A brain-healthy lifestyle may be related to lower dementia risk, regardless of demographic or socioeconomic differences


A new meta-analysis, recently published in the journal Alzheimer's and Dementia, underlines the potential of a healthy lifestyle for dementia risk reduction. The international group of researchers, led by the Alzheimer Centre Limburg (Maastricht University, Netherlands), harmonised and combined information from 21 geographically, ethnically and socio-economically diverse cohorts. Those cohorts were part of the Cohort Studies of Memory in an International Consortium (COSMIC) collaboration, representing 31,680 people from 17 countries across six continents. The potential for risk reduction by lifestyle modification in each cohort was quantified using the group’s LIfestyle for BRAinhealth (LIBRA) index, which summarises the relative contribution of the following factors to dementia risk: physical activity, smoking, diet, cognitive activity, obesity, high blood pressure, high cholesterol, diabetes, depression, chronic kidney disease, coronary heart disease, and alcohol consumption.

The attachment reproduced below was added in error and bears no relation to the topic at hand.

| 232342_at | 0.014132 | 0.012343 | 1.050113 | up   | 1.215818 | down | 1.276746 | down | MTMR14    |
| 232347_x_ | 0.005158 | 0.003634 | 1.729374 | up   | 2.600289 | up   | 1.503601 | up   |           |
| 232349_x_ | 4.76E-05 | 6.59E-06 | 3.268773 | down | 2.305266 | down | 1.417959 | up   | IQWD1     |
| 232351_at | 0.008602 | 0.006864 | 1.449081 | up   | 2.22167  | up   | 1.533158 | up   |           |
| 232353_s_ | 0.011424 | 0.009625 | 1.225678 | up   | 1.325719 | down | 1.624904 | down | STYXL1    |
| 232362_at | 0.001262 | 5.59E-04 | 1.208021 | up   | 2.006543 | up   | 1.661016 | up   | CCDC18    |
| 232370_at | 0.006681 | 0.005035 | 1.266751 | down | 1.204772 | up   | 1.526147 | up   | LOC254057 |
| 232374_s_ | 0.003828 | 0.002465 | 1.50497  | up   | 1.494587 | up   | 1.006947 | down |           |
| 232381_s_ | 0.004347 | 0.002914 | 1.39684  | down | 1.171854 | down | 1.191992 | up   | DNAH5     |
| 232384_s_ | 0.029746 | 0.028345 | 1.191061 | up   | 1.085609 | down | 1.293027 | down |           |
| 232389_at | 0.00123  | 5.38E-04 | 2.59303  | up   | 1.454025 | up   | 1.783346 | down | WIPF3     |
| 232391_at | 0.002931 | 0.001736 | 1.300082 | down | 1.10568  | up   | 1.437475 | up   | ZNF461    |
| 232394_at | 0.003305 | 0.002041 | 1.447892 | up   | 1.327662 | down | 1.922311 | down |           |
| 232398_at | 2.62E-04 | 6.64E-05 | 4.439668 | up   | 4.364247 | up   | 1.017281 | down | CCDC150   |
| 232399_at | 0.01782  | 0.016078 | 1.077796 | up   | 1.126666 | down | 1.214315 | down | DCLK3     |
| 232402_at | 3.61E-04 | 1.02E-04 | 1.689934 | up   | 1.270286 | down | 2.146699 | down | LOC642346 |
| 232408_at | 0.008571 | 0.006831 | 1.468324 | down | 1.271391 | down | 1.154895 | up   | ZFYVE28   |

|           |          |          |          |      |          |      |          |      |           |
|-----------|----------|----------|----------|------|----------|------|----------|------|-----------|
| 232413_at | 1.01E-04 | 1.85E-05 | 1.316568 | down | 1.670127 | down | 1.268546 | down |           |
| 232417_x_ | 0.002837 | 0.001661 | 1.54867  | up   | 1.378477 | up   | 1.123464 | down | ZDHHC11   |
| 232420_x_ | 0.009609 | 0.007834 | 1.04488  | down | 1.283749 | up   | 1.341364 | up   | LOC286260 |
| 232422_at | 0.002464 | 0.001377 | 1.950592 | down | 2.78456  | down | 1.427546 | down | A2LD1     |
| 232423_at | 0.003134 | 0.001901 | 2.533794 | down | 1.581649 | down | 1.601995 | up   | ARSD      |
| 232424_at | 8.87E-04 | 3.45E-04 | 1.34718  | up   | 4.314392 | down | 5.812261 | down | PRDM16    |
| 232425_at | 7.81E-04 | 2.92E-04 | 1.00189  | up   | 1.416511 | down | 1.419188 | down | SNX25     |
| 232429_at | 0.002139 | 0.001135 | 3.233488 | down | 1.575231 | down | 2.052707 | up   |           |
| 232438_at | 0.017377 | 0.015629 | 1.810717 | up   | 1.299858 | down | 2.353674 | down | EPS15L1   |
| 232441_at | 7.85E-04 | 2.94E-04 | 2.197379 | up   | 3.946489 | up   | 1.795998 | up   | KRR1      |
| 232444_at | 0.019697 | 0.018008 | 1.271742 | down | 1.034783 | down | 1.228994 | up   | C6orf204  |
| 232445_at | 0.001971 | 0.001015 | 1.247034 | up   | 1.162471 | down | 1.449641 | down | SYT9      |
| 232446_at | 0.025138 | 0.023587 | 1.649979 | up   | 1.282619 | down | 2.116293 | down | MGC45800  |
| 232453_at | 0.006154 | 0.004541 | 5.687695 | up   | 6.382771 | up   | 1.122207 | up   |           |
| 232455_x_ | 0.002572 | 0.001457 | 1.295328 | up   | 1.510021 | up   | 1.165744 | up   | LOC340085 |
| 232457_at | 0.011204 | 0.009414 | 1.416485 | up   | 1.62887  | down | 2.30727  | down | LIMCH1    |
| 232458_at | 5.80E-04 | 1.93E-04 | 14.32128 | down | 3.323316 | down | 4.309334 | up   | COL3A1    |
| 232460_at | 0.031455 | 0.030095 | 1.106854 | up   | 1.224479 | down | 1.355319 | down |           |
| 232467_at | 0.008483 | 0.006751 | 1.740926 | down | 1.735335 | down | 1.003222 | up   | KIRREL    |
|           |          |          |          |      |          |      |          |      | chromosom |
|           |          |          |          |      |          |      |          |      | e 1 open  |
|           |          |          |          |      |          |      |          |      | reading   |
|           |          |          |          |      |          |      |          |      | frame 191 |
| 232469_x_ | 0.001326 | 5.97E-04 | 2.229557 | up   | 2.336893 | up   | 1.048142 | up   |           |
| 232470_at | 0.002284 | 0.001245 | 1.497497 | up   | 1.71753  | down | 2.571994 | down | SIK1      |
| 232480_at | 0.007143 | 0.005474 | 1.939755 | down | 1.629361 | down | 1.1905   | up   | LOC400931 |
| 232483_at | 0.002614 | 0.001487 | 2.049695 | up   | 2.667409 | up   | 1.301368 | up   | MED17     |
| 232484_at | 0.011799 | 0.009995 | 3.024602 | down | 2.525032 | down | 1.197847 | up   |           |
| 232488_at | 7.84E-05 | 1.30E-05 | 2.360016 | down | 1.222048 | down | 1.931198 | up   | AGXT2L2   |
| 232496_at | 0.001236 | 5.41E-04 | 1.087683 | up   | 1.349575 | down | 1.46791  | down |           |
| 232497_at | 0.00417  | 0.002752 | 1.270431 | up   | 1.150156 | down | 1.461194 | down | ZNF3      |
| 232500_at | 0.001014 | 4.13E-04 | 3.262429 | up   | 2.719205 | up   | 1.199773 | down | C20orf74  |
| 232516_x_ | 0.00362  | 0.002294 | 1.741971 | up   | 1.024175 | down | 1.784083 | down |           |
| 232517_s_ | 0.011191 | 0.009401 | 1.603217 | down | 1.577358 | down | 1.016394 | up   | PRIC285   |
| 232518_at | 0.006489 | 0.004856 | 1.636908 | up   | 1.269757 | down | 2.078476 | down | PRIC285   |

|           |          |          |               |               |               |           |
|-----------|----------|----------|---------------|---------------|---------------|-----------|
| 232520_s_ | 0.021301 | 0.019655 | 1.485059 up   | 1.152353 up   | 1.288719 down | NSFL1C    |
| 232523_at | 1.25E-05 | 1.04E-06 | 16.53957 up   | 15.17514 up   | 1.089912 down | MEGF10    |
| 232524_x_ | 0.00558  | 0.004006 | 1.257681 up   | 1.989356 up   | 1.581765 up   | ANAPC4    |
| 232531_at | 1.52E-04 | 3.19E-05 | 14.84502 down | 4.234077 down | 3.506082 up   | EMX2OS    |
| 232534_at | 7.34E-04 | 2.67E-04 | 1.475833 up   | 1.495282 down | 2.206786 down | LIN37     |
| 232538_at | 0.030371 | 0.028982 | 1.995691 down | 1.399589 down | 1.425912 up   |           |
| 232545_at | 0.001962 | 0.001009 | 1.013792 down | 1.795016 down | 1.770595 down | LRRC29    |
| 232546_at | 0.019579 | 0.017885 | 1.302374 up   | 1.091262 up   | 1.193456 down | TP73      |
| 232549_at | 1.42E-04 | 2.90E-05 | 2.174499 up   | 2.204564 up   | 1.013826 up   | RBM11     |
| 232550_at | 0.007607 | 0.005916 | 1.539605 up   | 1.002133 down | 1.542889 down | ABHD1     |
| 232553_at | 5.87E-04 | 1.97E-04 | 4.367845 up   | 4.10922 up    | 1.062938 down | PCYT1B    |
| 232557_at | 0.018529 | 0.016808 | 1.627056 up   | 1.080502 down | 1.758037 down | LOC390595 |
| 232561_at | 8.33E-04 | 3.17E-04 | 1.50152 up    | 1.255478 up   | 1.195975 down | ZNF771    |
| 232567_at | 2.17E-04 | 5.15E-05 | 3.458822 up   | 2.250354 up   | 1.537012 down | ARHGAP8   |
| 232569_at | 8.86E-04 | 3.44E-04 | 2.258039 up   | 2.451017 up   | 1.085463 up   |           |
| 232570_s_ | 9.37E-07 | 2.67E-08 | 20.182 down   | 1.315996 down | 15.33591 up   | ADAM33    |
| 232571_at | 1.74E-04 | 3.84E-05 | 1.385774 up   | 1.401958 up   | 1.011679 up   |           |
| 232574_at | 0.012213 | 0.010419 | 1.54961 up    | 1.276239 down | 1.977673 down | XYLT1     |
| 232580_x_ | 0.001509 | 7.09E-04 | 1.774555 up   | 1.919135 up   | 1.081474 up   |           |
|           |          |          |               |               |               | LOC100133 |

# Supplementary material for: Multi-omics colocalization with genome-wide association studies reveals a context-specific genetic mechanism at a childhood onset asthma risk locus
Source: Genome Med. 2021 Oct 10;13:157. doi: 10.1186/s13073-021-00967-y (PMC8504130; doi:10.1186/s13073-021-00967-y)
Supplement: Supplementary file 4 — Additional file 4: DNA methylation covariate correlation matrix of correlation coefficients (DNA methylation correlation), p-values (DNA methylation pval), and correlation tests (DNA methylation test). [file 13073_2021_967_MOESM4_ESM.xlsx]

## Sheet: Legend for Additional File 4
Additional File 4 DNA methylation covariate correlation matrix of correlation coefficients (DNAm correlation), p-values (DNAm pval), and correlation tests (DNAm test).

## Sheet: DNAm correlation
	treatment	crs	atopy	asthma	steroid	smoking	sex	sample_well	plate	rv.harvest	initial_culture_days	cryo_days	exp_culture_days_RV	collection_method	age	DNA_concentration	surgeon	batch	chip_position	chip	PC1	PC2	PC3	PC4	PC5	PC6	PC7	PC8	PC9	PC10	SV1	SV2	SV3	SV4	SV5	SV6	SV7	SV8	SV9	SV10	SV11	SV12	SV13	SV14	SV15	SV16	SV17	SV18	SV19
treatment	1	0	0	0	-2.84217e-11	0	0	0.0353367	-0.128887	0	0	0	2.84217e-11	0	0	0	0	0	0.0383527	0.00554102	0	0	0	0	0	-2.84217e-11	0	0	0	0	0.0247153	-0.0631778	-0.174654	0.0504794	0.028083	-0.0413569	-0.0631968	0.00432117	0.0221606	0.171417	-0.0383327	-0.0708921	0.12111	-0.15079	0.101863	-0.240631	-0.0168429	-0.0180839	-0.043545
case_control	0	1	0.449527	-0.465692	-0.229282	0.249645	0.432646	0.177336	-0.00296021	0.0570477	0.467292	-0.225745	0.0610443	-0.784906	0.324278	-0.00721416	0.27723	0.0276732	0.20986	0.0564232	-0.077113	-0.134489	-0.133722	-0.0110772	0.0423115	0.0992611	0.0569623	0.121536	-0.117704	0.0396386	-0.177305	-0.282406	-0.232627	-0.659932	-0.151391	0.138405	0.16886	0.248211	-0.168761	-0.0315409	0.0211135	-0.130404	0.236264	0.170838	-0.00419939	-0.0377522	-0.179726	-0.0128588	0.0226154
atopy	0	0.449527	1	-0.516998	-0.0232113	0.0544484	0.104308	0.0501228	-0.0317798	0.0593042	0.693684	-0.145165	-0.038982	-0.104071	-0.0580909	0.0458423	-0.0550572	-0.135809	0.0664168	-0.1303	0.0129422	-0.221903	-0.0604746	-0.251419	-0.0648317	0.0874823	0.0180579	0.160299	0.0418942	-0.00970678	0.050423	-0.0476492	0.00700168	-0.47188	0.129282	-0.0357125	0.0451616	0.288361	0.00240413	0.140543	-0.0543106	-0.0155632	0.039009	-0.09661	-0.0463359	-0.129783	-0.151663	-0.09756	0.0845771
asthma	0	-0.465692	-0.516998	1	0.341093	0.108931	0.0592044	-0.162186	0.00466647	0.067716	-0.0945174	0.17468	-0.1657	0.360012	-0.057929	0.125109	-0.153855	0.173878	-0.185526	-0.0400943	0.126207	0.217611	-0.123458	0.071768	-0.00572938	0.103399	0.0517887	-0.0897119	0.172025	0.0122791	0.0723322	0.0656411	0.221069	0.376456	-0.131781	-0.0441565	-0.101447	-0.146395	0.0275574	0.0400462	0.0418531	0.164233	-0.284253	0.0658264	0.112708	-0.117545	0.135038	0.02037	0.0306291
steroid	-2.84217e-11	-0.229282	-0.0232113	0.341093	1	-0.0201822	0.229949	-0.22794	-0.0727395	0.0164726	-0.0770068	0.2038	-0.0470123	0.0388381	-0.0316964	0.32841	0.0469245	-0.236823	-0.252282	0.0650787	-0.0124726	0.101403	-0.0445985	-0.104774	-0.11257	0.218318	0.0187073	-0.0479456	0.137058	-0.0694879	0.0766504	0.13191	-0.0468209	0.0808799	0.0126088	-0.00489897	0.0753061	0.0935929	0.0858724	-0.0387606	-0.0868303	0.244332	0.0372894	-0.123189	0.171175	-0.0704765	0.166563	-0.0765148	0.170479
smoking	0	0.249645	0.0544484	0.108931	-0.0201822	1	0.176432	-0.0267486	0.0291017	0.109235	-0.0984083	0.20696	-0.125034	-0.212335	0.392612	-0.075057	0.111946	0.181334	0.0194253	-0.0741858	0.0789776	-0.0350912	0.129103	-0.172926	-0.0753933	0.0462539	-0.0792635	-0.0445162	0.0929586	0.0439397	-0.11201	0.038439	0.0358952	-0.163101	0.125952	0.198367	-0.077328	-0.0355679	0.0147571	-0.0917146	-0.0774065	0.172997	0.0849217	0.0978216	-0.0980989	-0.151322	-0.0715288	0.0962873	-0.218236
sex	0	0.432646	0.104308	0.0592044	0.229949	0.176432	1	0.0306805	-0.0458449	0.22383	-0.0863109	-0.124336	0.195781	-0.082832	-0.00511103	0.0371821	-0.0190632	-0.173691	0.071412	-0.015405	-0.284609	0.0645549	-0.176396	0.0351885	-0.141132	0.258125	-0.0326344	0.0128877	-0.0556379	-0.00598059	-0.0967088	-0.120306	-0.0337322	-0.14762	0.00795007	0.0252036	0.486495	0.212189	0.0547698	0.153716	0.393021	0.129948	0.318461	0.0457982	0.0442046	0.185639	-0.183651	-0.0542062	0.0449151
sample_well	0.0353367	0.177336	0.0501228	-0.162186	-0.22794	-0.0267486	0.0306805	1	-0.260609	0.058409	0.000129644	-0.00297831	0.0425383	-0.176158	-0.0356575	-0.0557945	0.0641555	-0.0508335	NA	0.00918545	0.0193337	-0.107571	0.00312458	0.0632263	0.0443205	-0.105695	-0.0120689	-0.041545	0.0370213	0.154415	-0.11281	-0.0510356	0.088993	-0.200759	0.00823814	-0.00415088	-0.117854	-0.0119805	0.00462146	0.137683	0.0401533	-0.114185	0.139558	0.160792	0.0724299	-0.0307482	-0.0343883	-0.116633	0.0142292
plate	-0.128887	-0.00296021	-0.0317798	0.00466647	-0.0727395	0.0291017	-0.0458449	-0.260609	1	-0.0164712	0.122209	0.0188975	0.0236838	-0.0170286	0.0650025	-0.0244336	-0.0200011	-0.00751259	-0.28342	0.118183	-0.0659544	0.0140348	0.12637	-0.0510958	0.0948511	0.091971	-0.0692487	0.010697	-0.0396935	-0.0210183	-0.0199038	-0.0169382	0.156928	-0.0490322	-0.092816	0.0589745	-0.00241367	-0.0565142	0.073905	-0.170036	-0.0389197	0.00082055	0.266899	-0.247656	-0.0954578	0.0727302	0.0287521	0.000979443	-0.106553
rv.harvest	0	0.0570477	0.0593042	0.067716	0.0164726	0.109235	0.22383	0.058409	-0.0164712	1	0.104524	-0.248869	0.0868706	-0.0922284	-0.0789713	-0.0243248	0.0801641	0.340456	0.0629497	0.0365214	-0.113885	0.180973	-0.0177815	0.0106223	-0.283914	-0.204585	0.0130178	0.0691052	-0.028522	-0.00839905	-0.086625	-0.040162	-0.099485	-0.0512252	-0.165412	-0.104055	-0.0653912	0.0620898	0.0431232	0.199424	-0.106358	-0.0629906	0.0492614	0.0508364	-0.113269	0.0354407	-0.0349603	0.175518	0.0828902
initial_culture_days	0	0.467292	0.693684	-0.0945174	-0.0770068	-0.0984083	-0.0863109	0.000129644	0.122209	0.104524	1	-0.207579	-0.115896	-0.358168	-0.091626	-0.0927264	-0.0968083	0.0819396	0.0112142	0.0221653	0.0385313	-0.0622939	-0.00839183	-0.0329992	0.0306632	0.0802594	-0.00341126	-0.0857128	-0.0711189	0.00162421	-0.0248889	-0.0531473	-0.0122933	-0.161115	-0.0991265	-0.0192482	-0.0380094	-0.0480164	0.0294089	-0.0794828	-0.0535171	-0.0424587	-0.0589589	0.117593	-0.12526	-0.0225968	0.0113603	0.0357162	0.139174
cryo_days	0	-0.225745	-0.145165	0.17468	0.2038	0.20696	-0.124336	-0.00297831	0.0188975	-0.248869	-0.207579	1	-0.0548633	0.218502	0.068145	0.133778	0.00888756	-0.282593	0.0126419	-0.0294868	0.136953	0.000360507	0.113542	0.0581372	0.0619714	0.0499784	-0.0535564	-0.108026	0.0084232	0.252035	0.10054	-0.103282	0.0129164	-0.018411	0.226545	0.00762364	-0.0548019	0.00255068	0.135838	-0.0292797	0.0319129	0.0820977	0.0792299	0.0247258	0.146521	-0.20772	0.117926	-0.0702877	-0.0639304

Demographic information was also collected, along with information about education and socio-economic position (inferred from income and occupation). The authors found that a generally healthier lifestyle was associated with a lower risk for dementia in a majority of included cohorts. More specifically, a one point decrease in LIBRA scores (indicating a healthier lifestyle and ranging from -5.9 to +12.7) was associated with a 6% decrease in dementia risk. They further note that these associations remained generally stable for people with different levels of educational attainment, socio-economic status, and were also comparable between men and women. However, though a healthier lifestyle predicted dementia risk across geographical regions, this was particularly pronounced in Asian cohorts. “Our findings underline the prospect of lifestyle modification for dementia risk reduction, which appears to be relevant on a global scale”, Stephanie Van Asbroeck, lead author of the paper, explains. The full open-access article can be read here: